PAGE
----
A raft of guest stars fails to elevate this above the ordinary.
It seems tough to argue with Bill Kirchen's guitar-god status. As one of Commander Cody's original Lost Planet Airmen, his twangy Telecaster informed "Hot Rod Lincoln", among many other country-rock tunes. Decades later, Kirchen is still at it, releasing a good-natured set of songs featuring duets with such diverse artists as Dan Hicks, Maria Muldaur, and Elvis Costello. It's all pleasant enough, but also a mixed bag that will probably satisfy already existing fans while being unlikely to draw in new listeners.
Opener "Bump Wood" is a good-timey rock 'n' roll number that gets the proceedings off to a suitably rollicking start -- a gentle rollicking, if you will -- but neither it nor follow-up "Shelley's Winter Love" makes much of an impression, despite Paul Carrack and Nick Lowe sharing vocal duties on the latter. Not until Elvis Costello's turn singing "Man in the Bottom of the Well" does the album wake up. The song, which features a sinister underlying organ and suitably throaty singing by Costello, is delivered with conviction, which is different from saying that it actually means anything; it also benefits from sharp guitar work by Kirchen.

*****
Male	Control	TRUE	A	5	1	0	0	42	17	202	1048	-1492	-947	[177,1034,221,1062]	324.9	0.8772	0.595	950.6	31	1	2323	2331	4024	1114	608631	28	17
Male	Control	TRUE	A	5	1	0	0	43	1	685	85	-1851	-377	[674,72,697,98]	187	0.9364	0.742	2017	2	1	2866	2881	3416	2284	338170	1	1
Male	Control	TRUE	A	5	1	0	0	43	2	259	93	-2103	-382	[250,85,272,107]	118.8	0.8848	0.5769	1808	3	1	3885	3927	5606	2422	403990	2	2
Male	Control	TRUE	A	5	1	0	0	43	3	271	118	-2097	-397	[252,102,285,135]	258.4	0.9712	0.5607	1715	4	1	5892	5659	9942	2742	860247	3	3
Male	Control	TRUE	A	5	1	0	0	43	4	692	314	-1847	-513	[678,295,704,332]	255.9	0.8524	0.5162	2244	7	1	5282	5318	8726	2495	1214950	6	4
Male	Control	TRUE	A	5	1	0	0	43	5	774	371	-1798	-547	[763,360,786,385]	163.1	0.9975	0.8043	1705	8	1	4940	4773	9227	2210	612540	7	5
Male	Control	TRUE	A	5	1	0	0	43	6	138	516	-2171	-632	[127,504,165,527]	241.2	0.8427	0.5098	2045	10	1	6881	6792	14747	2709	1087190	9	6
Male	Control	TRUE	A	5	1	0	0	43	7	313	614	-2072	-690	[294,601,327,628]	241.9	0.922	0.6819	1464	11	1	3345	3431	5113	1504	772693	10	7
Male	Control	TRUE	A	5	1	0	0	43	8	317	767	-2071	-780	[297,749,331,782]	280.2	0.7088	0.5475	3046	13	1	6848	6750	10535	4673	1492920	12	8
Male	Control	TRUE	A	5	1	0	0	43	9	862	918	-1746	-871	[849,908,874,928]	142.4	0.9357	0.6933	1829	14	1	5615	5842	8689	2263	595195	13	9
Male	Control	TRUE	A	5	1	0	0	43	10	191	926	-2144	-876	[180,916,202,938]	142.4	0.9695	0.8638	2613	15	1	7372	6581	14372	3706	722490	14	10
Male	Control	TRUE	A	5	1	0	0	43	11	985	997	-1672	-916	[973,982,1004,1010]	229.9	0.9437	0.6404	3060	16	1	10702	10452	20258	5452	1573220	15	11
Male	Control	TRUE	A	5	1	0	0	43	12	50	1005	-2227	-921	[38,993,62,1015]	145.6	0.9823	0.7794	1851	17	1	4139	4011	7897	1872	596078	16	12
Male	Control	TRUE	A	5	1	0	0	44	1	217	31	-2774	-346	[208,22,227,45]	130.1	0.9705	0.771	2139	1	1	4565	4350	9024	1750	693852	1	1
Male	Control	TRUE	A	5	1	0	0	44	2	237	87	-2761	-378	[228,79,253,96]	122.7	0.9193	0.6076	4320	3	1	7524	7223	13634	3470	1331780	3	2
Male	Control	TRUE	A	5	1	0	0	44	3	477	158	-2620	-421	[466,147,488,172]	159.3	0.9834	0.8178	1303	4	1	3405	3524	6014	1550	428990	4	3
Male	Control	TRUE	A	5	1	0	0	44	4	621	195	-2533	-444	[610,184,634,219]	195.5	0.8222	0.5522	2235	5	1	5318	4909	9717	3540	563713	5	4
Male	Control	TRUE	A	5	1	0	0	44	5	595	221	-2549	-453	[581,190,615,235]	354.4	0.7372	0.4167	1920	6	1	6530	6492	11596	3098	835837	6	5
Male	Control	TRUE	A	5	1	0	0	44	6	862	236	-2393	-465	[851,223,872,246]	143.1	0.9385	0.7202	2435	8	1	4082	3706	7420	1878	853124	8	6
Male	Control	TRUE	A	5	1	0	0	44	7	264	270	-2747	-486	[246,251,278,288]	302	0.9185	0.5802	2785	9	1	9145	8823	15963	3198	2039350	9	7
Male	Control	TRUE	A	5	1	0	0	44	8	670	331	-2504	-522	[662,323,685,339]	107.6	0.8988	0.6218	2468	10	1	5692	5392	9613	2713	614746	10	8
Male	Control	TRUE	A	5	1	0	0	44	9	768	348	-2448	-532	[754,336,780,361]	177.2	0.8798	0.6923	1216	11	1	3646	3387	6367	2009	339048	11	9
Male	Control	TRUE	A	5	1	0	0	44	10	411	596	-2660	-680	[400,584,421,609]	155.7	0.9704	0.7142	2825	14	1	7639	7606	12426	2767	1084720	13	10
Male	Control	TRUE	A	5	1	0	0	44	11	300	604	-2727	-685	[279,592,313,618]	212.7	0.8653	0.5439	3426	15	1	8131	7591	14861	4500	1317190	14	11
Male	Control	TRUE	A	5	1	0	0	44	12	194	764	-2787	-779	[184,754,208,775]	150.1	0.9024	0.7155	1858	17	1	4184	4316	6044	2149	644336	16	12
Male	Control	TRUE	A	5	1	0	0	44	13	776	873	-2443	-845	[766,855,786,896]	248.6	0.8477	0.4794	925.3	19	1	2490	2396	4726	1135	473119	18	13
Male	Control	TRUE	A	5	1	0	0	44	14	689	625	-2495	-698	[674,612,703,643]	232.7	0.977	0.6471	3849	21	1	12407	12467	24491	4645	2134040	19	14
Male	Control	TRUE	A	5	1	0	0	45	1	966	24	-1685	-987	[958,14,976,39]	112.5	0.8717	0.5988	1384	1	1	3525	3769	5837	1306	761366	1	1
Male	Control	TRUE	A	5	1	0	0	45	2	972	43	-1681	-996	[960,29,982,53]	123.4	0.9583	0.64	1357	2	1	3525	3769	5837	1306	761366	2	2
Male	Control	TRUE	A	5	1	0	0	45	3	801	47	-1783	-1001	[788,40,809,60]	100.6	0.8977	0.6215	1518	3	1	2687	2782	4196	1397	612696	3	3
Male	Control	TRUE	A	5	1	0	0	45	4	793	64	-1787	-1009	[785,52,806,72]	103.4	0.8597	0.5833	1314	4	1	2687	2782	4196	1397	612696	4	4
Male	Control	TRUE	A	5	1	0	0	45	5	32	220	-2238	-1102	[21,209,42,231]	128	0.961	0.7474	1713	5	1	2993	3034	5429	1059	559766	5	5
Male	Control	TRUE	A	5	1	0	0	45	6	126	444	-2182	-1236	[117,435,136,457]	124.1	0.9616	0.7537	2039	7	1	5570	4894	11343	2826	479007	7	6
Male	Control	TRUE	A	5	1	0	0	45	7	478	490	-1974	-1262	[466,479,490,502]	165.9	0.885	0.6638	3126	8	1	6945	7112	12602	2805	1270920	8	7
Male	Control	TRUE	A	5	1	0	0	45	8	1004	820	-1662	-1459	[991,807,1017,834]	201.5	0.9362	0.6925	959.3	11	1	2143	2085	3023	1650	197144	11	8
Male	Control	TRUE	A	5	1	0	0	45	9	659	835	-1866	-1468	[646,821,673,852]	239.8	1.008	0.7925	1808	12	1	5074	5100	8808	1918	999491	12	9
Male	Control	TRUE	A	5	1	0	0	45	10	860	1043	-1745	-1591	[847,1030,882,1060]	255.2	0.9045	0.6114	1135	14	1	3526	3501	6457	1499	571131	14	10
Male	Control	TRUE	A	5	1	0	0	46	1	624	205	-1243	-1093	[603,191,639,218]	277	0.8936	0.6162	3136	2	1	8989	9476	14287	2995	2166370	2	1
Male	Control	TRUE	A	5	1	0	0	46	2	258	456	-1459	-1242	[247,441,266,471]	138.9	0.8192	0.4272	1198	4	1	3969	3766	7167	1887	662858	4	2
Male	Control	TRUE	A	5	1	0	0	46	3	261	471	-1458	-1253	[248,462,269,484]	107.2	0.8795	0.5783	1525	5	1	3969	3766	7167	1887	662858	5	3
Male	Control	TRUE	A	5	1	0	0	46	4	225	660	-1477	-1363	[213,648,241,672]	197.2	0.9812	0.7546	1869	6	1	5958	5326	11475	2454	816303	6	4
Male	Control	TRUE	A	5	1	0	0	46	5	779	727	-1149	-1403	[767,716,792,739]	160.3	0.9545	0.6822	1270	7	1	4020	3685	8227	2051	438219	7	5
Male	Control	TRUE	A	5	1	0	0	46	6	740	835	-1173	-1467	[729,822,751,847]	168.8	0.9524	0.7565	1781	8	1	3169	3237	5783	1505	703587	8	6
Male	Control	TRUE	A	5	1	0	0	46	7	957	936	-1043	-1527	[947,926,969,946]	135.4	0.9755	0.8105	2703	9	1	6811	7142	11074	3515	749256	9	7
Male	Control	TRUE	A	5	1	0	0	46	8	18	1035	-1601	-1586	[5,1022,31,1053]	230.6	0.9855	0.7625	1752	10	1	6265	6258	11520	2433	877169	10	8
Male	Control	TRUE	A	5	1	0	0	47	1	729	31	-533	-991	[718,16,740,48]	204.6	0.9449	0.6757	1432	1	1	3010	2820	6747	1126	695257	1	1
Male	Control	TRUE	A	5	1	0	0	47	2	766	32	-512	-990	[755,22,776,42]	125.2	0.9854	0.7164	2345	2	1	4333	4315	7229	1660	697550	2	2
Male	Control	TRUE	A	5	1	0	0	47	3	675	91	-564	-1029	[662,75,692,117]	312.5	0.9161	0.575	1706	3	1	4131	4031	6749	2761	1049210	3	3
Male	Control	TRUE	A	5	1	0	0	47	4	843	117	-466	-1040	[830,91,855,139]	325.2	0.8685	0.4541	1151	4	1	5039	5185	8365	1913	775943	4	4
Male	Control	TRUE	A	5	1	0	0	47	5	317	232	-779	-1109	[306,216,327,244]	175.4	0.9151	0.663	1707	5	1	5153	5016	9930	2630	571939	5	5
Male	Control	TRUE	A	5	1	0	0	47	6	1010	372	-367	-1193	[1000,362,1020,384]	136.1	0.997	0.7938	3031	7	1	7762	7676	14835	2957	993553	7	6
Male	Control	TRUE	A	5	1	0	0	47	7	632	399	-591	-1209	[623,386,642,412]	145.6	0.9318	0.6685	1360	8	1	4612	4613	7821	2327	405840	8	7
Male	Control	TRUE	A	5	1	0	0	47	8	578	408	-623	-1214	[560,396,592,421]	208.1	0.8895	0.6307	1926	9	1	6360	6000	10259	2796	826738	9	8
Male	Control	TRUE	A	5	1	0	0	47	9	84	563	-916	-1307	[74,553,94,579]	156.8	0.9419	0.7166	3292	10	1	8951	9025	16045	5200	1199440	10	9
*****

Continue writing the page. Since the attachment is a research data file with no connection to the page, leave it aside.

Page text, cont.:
Commander Cody himself shows up on piano for "I Don't Work That Cheap", the album’s other highlight. Wry where "Man" is serious, fast-paced where the other song is deliberately mid-tempo, "I Don’t Work That Cheap" is reminiscent of "Bob Dylan’s 115th Dream" in its meandering shaggy-dog story of time travel across Europe and the USA, involving meetings with Queen Elizabeth, Robespierre, and Obama. The tossed-off punchline for each verse -- "You can’t pay me what I’m worth, I don’t work that cheap" -- nails the vibe. Cody's piano provides a lively counterpoint to Kirchen's rippling guitar licks, and the whole thing is tremendously fun.
After that one-two punch, the rest of Word to the Wise is a bit of a comedown. Delicate guitar creates a spidery framework for "Time Will Tell the Story", but at this point the limitations of Kirchen's voice are becoming apparent. Numerous guest vocalists -- besides Costello, Lowe, and Carrack, there are Chris O'Connell, Blackie Farrell, Dan Hicks, and Maria Muldaur -- are perhaps an acknowledgment of this, but they also serve to undermine the sense of whose record this really is. More importantly, the material is not strong enough to be memorable, or, more precisely, many of these songs sound overly familiar. "Word to the Wise" is a peppy acoustic blues/old-timey duet with Dan Hicks that sounds by the numbers, despite the pair's undeniable musical prowess and pleasant banter. Maria Muldaur’s guest turn on "Ain't Got Time for the Blues" suffers from a similar shortcoming.
The album closes with "Valley of the Moon", another good-natured mid-tempo tune, this time featuring harmonica by Norton Buffalo. It's pleasant enough but unlikely to be remembered ten minutes after it ends. That's this album in a nutshell. Bill Kirchen is a skilled guitar slinger and songwriter, a dab hand with a lick and a clever couplet, but these days, audiences demand a bit more from their guitar gods.